Deguejo Film Review
Deguejo (1966) - See Database Page
Released in the first months of 1966, this movie still belongs to the early stages of the Italian western. It was the first spaghetti western directed by Giuseppe Vari and also the first one co-produced and co-scripted by Sergio Garrone, who would become, like Vari, one of the more interesting genre directors working in the shadow of the three Sergios. The title was taken from the musical piece Deguello, the song of death, a composition by Dimitri Tiomkin for Rio Bravo (*1).
Rossi Stuart is Norman, a young man whose father is killed by Mexican bandits during an incident on their ranch. With two of his friends, Norman heads South to find out why his father was murdered. The trail leads to a small community near the border, called Danger City (the Italians knew how to pick names) terrorized by Mexican bandits. The bandits are searching for a treasure, hidden by a Confederate Colonel who thinks the Civil War is still raging. They have either killed or taken hostage all men and issued an ultimatum to the women: if they don't produce the treasure, they will face 'deguello' ...
The original Mexican death song was played by Santa Anna at the Alamo and it seems to me that John Wayne's film version of the event was one of the sources of inspiration (along with The Magnificent Seven). But it's a transitional movie: still a bit Old School, but with the New Style definitely shining through. It glorifies a collective effort (not a personal vendetta) and several good men (and women) give their lives for a noble cause, but at the same time the characterizations and the excessive violence are typically Italian. Some of the story devices such as the disabled hero (Norman can't handle a gun after injuring his hands during a rescue operation) and the hidden Southern treasure would become recurring plot elements in the years to come.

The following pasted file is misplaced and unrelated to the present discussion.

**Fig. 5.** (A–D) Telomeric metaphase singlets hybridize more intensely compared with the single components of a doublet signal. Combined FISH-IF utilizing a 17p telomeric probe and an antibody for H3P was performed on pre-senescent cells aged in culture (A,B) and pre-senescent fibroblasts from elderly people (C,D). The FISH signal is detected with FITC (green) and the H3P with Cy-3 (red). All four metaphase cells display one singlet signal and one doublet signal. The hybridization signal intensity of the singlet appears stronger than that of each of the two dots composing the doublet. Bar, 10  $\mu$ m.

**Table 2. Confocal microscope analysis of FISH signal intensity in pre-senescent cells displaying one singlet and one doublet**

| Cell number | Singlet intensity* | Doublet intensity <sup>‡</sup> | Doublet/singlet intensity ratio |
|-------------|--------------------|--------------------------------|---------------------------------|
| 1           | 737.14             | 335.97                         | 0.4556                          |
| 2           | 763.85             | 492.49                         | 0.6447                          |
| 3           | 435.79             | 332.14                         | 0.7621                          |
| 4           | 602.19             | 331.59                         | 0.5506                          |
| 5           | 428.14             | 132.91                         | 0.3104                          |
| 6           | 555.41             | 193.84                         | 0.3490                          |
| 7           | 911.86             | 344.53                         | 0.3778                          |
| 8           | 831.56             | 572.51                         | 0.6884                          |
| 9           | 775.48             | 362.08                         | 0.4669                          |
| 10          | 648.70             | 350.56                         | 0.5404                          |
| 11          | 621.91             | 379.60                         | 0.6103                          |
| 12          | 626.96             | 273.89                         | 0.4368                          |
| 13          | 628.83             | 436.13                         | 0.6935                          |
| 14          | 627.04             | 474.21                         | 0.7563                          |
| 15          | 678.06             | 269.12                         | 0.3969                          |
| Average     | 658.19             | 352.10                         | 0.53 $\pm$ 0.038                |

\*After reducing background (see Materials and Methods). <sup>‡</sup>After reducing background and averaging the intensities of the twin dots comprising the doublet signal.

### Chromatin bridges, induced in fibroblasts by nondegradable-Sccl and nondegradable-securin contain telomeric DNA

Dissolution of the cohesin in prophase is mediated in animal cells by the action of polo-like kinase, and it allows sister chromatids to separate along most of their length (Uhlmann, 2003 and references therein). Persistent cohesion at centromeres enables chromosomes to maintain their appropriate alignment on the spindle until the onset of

Deguejo (the on-screen title is Degueyo) is not perfect, both script and direction are a little indecisive, but it's better than most other early efforts. Apparently the western towns of Cinecittà and Elios were still in course of construction - we see a lot of open spaces - but Vari and his director of cinematography Silvano Ippolito use props and unusual angles to give the town scenes an interesting, rather different look. Garrone, probably the major creative force behind the production, wasn't too happy with Vari's style of directing and therefore decided to direct his next project himself (*2). Obviously the film didn't do for Rossi-Stuart what that other early spaghetti western with an Italian lead actor, A Pistol for Ringo, had done for Giuliano Gemma. Rossi-Stuart isn't that bad, but he's completely overshadowed by the movie's villain, Dan Vadis, who turns in a flamboyant performance as Ramon, a greedy sadist of the maniacal kind.
- (1) Dimitri Tiomkin's composition was also a major source of inspiration for Ennio Morricone's landmark score for Sergio Leone's A Fistful of Dollars. Deguello (or Degüello) is a Spanish noun from the verb degollar, throat-cutting. In a more figurative sense it means 'No Quarters', that is: Take no prisoners. It's a bugle call that was played throughout the battle of the Alamo to tell the defenders that they would all be killed.
- (2) Marco Giusti, Dizionario del western all'italiana
Dir: Giuseppe Vari - Cast: Giacomo Rossi Stuart (Norman), Dan Vadis (Ramon), Riccardo Garrone (Foran), Dana Ghia (Jenny), Rosy Zichel (Rosy), José Torres (Logan), Daniele Vargas (Frank), Lucio Rosato (Pedro), Aurora Battista, Erika Blanc, Mila Stanic, Mirella Pamphili, Giuseppe Addobbati (Colonel Cook), Loris Loddi (boy) - Music: Allessandro Derevitsky. Trump solo by Michele Lacerenza.